Genghis Khan's Greatest General: Subotai the Valiant

Genghis Khan's Greatest General: Subotai the Valiant

by Richard A. Gabriel

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Overview

This book tells the story of Subotai the Valiant, a warrior for Genghis Khan and one of the greatest generals in military history. Subotai commanded armies whose size, scale, and scope of operations surpassed those led by any other commander in the ancient world. Under Subotai’s direction, Mongol armies moved faster, over greater distances, and with a greater scope of maneuver than any army had ever done before.

When Subotai died at age seventy-three, he had conquered thirty-two nations and won sixty-five pitched battles, according to Muslim historians. Had the great Khan not died, Subotai likely would have destroyed Europe itself.

Product Details

ISBN-13: 9780806137346
Publisher: University of Oklahoma Press
Publication date: 02/22/2006
Pages: 176
Sales rank: 447,231
Product dimensions: 6.00(w) x 9.00(h) x 0.44(d)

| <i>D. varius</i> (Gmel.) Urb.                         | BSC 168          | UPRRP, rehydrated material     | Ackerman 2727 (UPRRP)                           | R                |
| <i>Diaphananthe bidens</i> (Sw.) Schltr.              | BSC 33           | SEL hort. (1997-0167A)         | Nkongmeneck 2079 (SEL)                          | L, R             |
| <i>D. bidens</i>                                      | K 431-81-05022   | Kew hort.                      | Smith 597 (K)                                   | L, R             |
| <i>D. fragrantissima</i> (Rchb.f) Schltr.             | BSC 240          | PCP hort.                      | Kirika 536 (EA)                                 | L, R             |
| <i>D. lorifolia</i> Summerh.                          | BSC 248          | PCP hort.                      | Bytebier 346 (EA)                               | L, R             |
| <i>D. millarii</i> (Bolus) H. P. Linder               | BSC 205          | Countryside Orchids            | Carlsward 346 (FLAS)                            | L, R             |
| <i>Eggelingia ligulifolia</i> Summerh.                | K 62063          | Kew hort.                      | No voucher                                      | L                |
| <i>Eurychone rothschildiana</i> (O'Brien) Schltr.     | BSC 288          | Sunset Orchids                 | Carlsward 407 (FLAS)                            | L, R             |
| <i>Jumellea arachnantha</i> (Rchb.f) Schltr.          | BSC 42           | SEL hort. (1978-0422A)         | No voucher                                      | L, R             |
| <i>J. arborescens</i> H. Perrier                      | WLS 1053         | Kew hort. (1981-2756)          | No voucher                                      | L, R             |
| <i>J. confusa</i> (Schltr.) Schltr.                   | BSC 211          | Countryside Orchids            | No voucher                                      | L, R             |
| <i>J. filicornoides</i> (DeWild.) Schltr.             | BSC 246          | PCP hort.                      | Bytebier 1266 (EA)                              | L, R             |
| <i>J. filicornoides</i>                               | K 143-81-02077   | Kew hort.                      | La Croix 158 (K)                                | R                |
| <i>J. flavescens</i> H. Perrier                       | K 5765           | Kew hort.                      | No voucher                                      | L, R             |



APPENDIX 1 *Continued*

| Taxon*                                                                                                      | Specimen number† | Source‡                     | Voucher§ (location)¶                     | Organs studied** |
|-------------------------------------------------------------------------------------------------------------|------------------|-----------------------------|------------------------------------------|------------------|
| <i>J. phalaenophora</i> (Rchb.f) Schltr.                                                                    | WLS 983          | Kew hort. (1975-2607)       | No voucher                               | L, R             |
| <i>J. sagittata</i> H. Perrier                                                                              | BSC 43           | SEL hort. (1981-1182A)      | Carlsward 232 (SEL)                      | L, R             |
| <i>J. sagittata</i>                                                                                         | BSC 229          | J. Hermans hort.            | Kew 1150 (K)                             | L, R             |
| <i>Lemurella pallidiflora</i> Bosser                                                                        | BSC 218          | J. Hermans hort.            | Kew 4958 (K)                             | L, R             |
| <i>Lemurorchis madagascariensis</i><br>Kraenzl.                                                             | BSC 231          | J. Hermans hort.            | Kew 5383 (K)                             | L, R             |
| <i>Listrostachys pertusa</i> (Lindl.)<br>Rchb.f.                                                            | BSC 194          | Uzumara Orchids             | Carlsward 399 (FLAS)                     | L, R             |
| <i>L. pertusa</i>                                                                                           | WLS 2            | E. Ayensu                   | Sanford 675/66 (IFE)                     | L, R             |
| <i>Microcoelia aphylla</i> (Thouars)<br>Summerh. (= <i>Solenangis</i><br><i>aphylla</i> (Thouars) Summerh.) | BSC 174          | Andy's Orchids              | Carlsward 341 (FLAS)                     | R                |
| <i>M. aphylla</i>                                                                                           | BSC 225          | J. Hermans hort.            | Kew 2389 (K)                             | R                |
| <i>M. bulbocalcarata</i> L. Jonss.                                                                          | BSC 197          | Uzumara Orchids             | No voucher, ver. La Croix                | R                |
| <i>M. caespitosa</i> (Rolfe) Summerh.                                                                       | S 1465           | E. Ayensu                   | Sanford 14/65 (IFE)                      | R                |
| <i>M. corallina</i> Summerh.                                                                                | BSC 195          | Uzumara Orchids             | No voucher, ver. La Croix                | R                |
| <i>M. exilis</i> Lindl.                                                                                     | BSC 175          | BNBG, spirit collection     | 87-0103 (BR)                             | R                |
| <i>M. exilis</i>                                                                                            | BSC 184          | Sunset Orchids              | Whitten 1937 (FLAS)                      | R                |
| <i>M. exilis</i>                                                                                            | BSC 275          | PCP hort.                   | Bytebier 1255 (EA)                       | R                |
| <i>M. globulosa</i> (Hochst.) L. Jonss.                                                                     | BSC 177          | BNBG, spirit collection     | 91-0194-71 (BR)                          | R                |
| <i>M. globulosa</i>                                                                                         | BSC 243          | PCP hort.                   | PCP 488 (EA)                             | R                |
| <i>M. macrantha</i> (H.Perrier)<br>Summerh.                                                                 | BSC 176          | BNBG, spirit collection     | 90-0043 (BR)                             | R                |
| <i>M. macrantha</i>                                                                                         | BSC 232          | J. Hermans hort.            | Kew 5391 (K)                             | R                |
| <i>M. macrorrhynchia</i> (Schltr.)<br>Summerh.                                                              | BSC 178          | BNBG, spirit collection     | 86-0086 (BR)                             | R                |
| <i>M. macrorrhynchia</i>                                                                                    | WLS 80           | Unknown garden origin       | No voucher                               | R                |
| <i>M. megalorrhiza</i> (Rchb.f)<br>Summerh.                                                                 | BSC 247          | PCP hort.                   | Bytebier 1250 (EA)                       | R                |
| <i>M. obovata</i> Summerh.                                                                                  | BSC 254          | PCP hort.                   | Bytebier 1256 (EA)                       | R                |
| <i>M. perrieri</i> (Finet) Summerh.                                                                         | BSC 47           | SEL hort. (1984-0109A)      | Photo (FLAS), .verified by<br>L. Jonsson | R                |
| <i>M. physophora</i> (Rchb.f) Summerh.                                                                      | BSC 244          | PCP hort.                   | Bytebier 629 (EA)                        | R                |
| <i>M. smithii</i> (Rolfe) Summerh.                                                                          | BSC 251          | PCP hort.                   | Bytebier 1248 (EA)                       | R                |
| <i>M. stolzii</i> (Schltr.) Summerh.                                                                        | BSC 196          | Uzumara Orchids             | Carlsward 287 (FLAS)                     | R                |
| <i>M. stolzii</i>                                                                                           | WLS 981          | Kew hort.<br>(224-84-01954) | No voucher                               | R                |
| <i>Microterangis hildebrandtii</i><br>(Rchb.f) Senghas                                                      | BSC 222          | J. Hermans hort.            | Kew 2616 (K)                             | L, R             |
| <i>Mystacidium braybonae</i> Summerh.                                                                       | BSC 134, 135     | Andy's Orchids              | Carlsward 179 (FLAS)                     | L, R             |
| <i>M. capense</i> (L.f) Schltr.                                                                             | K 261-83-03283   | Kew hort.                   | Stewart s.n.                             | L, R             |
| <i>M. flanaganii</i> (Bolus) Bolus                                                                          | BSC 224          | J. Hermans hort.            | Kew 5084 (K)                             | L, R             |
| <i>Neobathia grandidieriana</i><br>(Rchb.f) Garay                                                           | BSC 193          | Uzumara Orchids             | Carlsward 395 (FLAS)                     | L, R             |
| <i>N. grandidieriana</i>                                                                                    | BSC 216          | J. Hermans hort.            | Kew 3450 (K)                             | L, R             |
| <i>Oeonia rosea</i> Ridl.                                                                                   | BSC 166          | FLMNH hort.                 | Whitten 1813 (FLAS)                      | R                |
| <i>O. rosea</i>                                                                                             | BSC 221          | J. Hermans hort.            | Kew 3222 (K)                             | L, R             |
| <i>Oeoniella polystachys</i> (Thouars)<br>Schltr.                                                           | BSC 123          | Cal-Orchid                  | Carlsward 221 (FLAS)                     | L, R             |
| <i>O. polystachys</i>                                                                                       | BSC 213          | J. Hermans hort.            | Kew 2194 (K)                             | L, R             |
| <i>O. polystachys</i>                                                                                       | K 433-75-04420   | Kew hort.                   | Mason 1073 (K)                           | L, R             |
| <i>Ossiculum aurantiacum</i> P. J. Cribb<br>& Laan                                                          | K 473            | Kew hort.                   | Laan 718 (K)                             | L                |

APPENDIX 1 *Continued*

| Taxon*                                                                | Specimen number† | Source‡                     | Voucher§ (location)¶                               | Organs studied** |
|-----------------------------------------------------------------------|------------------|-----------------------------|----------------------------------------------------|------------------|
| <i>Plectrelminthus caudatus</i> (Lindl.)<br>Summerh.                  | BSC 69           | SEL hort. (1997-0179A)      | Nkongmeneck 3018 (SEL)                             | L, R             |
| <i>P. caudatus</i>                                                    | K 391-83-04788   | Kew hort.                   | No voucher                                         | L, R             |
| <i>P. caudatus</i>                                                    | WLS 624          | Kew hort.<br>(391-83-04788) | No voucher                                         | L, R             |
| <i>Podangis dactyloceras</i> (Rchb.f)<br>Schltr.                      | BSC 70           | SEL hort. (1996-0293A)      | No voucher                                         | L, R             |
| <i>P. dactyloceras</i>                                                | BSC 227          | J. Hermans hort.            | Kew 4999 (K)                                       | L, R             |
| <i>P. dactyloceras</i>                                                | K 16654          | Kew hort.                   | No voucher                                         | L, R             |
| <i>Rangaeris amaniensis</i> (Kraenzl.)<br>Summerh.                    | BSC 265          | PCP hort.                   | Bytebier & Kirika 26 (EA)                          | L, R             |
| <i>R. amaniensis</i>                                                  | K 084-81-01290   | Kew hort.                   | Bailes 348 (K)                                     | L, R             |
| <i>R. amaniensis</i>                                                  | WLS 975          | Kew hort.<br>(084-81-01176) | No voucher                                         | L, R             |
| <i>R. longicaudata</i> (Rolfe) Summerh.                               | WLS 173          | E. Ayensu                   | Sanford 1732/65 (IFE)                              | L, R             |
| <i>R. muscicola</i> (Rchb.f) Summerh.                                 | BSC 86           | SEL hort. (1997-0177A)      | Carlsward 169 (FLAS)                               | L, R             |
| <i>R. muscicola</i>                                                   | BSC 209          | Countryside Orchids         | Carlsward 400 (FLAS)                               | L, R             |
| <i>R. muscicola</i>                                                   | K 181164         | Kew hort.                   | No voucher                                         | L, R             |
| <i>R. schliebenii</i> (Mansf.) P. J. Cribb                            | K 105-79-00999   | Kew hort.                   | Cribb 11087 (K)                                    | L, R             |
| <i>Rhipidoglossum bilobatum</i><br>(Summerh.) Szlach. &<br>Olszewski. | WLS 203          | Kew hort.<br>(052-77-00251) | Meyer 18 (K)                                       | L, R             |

About the Author

Richard A. Gabriel, a historian, is Adjunct Professor of Humanities and Ethics at Daniel Webster College. He is the author of forty books, including The Great Battles of Antiquity, The Great Armies of Antiquity, and Great Captains of Antiquity.

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Genghis Khan's Greatest General: Subotai the Valiant 4 out of 5 based on 0 ratings. 1 reviews.
juglicerr on LibraryThing More than 1 year ago
An interesting, readable and fairly unique book. There are a number of books discuss the Mongol military history, but Gabriel makes point that although Mongol military history is covered in books on that particular subject, it is neglected in general military history, and one of his purposes in writing this book is the urge a rectification of the omission. I don't know of any other books on the Mongols that focus on one of the generals -- generally biographies are strictly about Chinghis Khan and Kublai Khan. This is a great pity: even a book of short biographies of other personalities could add enormously to one's understanding of the period. Gabriel here sticks pretty closely to Subotai's military career, except in discussing the beginning and end of his life. Personally, if there is more information, I wish it was included, because the biographies of characters who are poorly documented or less important can be the vehicle for a general exploration of a typical life of that class and era. That of course is a personal opinion, and I don't fault the book on that account. Recommended to people interested in Asian and military history.